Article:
McIntosh C42 Preamplifiers

C42

- Seperate Listen and Record Selectors.
- Listen and Record Processor Loops.
- 8-Band Program Equalizer.
- 9 source selections including MM Phono.
- Compandor to Expand or Compress Dynamic Range.

User Reviews (3)

Showing 1-3 of 3  
Escaladeur   AudioPhile [Jul 27, 2006]
Strength:

It gives the music body and soul which results in true 3D sound, excellent dynamics and definition nonetheless, huge amount of functionality like volume trim adjustment (you cannot go back to a preamp without it once you get used to having this feature), orgasmic volume control makes you want to use it all day, and its looks. But its sound quality is the most impressive part.

Weakness:

The top cover is a little lightweight IMO but the interior parts quality and build are fantastic (I am an electrical engineer). That is it!

This is an excellent preamp. It has a terrific amount of transparency and allows the sound signature of any source come through very clearly. My C712 I had before didn't have nearly this level of transparency - and thus less detail and dynamic capability. The C42 has fantastic dynamics if your amp doesn't limit it. It isn't very sensitive to cable selection and the sound has a very organized and coherent flow with a terrific amount of body to it - much more so than my BAT Vk-3i had. It is also fairly sweet but maybe not as much as the Classe CP50 or Cary SLP98 I had in my system but trades off by having excellent definition that betters the CP50 at least.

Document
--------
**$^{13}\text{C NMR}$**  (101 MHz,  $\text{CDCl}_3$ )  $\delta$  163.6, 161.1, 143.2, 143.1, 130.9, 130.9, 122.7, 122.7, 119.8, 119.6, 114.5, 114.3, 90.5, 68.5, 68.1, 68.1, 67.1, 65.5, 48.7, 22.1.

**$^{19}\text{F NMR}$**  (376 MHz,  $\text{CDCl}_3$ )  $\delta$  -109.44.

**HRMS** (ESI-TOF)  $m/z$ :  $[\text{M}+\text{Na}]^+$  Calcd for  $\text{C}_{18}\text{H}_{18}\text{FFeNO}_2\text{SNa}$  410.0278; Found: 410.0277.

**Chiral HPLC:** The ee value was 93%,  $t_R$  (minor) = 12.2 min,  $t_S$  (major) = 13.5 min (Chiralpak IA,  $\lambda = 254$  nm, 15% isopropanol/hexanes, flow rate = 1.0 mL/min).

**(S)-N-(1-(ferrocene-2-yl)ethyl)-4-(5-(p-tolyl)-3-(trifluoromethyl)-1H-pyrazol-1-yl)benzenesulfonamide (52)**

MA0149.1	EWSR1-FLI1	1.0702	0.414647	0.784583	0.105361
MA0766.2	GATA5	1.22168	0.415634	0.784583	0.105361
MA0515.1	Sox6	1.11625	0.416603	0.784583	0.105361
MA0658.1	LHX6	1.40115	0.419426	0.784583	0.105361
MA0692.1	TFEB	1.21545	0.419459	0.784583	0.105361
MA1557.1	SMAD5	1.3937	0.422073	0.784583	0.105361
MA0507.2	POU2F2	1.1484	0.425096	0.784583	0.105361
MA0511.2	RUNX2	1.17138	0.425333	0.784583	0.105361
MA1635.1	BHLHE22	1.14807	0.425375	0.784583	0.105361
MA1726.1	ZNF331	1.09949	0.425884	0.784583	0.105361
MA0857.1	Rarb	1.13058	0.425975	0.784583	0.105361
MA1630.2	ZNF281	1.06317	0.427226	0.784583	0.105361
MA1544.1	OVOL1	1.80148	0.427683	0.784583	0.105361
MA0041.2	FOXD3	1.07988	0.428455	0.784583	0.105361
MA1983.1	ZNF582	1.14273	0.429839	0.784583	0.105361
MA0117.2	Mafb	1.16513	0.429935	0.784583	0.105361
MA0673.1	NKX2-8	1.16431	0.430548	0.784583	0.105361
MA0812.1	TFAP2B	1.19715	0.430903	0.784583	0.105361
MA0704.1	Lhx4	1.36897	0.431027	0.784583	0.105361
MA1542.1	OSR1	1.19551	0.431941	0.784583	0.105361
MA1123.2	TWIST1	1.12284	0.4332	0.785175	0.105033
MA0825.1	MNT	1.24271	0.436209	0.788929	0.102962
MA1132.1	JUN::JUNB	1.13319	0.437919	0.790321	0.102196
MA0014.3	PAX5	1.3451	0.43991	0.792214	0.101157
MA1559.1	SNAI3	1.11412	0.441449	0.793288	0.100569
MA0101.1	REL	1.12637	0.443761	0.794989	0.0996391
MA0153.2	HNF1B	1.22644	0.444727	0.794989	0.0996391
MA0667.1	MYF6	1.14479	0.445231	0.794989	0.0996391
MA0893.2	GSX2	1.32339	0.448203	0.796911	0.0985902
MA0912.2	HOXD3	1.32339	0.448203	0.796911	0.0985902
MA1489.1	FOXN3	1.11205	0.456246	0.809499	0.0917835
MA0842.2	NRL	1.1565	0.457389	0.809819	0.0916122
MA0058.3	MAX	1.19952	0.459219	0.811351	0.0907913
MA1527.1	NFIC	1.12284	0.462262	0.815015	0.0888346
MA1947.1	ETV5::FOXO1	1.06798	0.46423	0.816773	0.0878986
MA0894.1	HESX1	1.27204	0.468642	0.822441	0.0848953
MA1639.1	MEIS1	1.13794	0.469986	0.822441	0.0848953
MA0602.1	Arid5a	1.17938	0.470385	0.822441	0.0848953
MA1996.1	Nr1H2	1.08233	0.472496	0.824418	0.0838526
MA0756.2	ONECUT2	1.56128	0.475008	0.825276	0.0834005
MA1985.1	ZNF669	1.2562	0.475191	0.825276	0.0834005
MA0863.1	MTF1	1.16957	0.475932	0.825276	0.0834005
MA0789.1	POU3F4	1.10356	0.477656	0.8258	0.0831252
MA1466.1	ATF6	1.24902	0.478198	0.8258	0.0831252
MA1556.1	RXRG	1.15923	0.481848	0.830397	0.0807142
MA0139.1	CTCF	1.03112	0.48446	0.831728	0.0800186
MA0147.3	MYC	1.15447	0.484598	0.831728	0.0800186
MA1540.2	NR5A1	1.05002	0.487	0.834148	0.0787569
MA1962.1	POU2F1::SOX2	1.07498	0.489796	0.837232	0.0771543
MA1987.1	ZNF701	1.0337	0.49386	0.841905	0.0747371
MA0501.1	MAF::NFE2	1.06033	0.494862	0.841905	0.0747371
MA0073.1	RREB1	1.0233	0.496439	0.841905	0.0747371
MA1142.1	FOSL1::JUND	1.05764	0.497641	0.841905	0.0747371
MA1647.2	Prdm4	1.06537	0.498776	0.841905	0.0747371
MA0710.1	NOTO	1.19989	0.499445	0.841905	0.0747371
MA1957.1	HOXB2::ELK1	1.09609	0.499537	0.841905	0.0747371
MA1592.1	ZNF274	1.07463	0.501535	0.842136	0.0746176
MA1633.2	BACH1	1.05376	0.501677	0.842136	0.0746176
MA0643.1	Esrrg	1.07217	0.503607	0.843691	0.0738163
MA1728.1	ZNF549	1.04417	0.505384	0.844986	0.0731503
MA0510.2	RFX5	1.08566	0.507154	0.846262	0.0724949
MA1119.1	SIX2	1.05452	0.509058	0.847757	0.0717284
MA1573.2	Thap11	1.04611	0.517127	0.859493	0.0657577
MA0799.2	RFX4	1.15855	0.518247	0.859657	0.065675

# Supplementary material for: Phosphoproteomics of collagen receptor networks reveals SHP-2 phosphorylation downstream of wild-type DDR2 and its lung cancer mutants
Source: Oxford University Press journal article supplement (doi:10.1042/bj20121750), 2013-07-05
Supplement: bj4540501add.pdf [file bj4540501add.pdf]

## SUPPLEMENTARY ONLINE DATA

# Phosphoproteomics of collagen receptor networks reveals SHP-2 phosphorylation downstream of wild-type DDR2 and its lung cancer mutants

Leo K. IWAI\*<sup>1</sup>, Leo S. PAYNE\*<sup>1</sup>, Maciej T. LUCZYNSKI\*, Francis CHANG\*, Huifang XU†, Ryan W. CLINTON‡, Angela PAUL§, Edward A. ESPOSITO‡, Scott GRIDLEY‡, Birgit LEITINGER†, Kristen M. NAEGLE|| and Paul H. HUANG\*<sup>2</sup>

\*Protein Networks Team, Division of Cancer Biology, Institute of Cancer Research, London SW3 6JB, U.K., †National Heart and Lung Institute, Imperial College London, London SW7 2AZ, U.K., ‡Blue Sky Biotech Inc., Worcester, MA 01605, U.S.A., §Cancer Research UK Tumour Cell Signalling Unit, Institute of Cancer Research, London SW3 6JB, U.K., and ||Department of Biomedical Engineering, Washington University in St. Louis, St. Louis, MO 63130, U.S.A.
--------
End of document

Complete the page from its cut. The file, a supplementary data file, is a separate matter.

The EQ is an excellent feature since so many recordings are not very good these days. I can take music that I didn't listen to because of brightness or tubby bass and I can correct them and improve them by a surprisingly huge amount. Also the volume control is the silkiest and most luxurious I have ever had - it makes the BAT's volume control seems crude and coarse in direct comparison.

I haven't found any weaknesses yet to the C42. At first I thought it was soft but then I found out that it was my amp I was hearing. My current amps are Kora Aries monoblocks and they sound AMAZING with this preamp. Very very highly recommended from someone who has owned multiple nice preamps.

Customer Service

never needed any

Similar Products Used: In my system: Cary SLP98, Audio Research LS3b, Classe CP50, Kora Crescendo, BAT VK-3i, McIntosh C712, Conrad Jonhson PV10a, Krell KAV250
OVERALL
RATING
5
VALUE
RATING
5
Raonull   Audio Enthusiast [May 21, 2002]
Strength:

8 Band EQ. For Music Lovers and control freaks. Sounds more 'tubey' than my old SF!

Weakness:

I wish the remote had EQ controls. I wish the remote weren't plastic.